This state is like touring the American Southwest and the Deep South in one holiday
9 Nights From €1259 (Per Person)
Fly Drive Holidays
Dallas (Texas) - Houston (Texas) - Corpus Christi (Texas) - San Antonio (Texas) - Austin (Texas) - Dallas (Texas)
If you’ve ever wanted to visit the Deep South and the American Southwest, but don’t have time to do both trips – go to Texas. There, you’ll find both. Even though it is often associated solely with the cowboys and red dust of Southwestern deserts, Texas is filled with the diverse landscapes of both the American South and the Southwest. You’ll see terrain that ranges from the Southern coastal swamps of Louisiana to the piney woods of South Carolina, the rolling plains of the Midwest and rugged hills more like the New Mexico mountains than the south. Less than 10% of the land is desert. In the far Southwest, the desert and mountains are home to Big Bend National Park.
Along with geographic diversity, cultural diversity also reigns in Texas. The state has been ruled by a multitude of different countries. Spain was the first, which claimed Texas as a part of its vast holdings in the Southwest. Mexico controlled Texas when it wrenched independence from the Spanish. France even had a short-lived colony here before Texas won its independence from Mexico and became an independent Republic. In 1845, Texas was annexed to the United States as the 28th state, only to leave with the Confederacy in 1861. Just when things were settling down, oil was discovered in the Lone Star State in 1901 and the rest, as they say, is history.
Today, Texas has more Fortune 500 companies than any other state, and its economy has diversified significantly. A number of world-class museums have emerged and renowned cultural performances are regular events. It will be especially fun to enjoy the food, music and festivals that come with the different cultures. Austin’s musical heritage is incredibly diverse, from blues, country and zydeco, to classic and modern rock. Texas celebrates its heritage in small towns and authentic historic districts that have been carefully restored. And, like so many things in Texas, Big Bend National Park is one of a kind and larger than life. Don’t miss it!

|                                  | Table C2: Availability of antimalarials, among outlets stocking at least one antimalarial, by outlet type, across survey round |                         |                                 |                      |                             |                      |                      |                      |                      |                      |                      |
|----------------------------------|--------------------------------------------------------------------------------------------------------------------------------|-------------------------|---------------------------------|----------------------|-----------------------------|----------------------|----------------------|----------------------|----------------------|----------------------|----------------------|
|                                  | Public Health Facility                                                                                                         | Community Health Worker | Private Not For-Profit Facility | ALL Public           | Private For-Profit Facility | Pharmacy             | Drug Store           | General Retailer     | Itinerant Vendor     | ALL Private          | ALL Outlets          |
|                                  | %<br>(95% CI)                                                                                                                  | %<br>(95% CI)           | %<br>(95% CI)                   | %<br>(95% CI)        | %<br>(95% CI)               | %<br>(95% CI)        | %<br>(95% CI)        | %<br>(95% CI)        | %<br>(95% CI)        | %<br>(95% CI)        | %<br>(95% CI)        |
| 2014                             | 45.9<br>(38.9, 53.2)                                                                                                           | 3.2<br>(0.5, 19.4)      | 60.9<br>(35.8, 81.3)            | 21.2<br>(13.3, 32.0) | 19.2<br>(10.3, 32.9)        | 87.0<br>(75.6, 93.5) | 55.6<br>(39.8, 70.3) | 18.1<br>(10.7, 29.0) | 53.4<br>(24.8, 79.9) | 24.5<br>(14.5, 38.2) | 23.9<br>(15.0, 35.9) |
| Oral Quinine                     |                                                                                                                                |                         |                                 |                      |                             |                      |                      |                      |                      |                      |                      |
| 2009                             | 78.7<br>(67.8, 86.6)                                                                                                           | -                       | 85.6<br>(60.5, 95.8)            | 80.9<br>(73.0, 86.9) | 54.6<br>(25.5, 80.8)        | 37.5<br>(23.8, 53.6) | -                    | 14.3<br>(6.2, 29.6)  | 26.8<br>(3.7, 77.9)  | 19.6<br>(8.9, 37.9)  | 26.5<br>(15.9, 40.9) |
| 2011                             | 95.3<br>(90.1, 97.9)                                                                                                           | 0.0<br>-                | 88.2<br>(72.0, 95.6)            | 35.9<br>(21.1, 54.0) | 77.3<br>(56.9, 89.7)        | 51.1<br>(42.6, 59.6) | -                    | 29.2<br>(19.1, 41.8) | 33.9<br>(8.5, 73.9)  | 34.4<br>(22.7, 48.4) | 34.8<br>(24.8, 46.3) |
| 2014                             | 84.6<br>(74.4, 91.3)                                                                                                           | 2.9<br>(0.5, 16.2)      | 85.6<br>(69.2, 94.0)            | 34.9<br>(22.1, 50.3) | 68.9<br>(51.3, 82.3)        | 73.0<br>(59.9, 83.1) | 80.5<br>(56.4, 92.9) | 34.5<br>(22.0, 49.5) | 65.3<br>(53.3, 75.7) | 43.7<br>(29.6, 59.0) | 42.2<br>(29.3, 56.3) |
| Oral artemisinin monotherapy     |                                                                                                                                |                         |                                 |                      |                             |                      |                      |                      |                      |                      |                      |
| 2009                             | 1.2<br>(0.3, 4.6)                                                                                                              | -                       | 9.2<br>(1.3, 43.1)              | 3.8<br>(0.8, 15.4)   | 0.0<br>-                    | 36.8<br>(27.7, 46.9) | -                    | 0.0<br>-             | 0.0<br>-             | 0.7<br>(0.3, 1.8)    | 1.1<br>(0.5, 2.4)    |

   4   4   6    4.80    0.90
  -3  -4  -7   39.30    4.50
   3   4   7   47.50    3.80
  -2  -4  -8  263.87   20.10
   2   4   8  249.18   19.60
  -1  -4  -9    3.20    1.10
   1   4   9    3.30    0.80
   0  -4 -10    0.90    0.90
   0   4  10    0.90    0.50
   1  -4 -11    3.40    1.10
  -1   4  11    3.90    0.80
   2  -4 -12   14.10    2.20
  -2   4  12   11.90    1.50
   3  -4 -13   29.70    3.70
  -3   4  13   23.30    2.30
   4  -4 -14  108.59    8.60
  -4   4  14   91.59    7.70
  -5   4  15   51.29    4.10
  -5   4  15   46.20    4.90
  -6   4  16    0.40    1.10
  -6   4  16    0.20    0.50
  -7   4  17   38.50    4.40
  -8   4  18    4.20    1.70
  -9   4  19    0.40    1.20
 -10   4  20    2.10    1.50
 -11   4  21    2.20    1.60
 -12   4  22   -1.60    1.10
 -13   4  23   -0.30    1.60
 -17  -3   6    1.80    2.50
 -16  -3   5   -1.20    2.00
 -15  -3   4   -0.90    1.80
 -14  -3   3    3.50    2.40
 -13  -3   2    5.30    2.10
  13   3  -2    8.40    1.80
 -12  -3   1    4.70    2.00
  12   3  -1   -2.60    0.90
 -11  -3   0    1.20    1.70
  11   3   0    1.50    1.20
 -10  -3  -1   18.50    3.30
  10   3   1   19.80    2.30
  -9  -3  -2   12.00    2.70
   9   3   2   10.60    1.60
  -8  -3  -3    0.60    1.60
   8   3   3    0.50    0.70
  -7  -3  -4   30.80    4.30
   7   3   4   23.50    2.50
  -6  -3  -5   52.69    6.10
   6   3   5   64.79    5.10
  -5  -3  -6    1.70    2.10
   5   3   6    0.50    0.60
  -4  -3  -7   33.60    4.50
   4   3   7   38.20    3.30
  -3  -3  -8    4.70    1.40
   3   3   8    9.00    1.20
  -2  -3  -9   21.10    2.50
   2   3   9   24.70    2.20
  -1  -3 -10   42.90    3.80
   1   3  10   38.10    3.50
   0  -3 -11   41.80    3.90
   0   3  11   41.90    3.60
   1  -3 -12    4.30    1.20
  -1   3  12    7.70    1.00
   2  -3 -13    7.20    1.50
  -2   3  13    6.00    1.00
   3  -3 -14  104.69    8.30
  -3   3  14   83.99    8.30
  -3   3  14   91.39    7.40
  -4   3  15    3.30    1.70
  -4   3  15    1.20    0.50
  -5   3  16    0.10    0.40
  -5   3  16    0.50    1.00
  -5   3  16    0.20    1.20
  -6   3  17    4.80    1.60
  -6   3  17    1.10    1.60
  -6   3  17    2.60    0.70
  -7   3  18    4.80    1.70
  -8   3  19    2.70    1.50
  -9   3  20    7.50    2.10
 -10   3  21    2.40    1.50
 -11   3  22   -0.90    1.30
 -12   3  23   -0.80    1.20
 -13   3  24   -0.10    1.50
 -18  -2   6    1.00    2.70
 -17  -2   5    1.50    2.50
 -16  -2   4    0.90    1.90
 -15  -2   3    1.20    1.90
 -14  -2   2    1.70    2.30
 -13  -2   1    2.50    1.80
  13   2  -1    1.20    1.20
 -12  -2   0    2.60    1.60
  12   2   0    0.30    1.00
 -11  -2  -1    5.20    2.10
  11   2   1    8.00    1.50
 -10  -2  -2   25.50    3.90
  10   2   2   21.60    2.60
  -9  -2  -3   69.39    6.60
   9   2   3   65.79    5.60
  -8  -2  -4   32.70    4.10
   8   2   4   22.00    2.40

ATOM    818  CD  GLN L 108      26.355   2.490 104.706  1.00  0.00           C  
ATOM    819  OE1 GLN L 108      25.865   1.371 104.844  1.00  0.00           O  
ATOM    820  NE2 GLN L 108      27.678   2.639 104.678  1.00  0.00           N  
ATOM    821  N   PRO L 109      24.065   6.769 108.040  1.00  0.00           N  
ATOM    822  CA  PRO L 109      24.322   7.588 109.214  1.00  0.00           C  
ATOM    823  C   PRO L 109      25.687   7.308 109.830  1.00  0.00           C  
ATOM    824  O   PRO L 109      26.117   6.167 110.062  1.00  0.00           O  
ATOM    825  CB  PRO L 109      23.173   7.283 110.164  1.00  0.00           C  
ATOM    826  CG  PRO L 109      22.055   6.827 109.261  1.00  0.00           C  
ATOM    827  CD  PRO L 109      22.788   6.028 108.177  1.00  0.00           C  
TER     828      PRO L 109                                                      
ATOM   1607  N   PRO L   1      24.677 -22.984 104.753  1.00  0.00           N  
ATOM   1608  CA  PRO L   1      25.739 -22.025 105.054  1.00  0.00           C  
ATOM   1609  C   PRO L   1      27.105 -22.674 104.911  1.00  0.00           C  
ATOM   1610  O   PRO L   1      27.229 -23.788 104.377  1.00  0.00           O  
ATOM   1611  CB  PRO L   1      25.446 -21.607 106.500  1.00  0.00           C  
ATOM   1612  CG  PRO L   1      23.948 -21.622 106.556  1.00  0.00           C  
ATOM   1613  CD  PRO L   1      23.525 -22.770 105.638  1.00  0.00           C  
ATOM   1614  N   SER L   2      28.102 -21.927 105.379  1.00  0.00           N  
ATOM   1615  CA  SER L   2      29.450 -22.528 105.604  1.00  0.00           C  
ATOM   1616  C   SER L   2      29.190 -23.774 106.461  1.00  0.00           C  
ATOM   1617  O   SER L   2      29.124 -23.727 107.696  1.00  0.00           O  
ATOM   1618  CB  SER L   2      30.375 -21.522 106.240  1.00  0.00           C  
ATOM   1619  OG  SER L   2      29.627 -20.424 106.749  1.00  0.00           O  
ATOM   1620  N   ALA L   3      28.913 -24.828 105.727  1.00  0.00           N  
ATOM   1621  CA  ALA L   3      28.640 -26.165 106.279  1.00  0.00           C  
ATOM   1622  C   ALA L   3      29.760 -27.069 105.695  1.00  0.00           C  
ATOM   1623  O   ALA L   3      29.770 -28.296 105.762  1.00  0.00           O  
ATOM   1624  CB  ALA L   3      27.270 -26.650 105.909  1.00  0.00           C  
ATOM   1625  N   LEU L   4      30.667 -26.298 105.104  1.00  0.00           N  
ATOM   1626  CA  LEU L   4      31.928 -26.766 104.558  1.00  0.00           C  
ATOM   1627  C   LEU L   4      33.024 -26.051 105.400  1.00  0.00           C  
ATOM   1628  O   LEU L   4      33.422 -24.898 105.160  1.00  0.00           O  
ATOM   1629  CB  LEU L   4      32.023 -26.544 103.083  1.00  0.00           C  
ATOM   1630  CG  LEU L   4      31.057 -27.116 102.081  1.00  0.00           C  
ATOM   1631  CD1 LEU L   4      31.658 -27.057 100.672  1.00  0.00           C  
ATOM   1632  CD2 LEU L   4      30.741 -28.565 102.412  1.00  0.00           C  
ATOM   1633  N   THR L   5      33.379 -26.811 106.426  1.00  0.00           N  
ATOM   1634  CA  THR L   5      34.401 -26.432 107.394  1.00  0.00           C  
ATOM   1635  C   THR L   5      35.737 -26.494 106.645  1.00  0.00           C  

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Day 1: Arrive Dallas
It looks nothing like the television show by the same name and certainly didn’t just come off the ranch, but when you know that “Live Large—Think Big” is the city’s motto, you'll appreciate Dallas. The city just spent $354 million just on the performing arts portion of the new 19 square block Dallas Arts District. In a city already famous for bold statements—from big hair to Big Tex, the inflatable cowboy who presides over the state fair, the Dallas Arts District, is of a piece. And true to form, the Nasher Sculpture Museum and the Tramell Crow Museum of Asian Art live up to the very highest expectations.
Day 2: Explore Dallas
Of course, this is Texas, so you can expect great contrasts. You can take a trip to Southfork Ranch where the television show Dallas was filmed. You can have your own real ranch experience not too far out of town as well. Next door, Fort Worth is the site of the stockyards, where cattle are still bought and sold, but where the rest of the district has been turned into great pubs and entertainment. If you’re less inclined to rough it, you can explore the neighborhoods of Dallas, which range from southern antebellum to posh contemporary, and enjoy world class shopping at the original Neiman Marcus store downtown. Plan to enjoy dinner at the Mansion on Turtle Creek. History buffs can visit the Sixth Floor Museum, from which Lee Harvey Oswald fired those fateful shots in November 1963.
Day 3: Dallas to Houston
On your way from Dallas to Houston, take time to stop in Tyler, a delightful town still securely anchored in the antebellum south. Then blast off at the Johnson Space Center, where you can get up close and personal with NASA at the actual home of most US astronauts. Regular tram tours take you through a good deal of the working facility to observe payload bays, track live updates on current flights, touch space rocks and marvel at a full scale model of the space shuttle. Then, moving back two centuries, visit the San Jacinto Battleground State Park where General Sam Houston defeated General Santa Ana in 1816 (and we all thought it was at the Alamo!).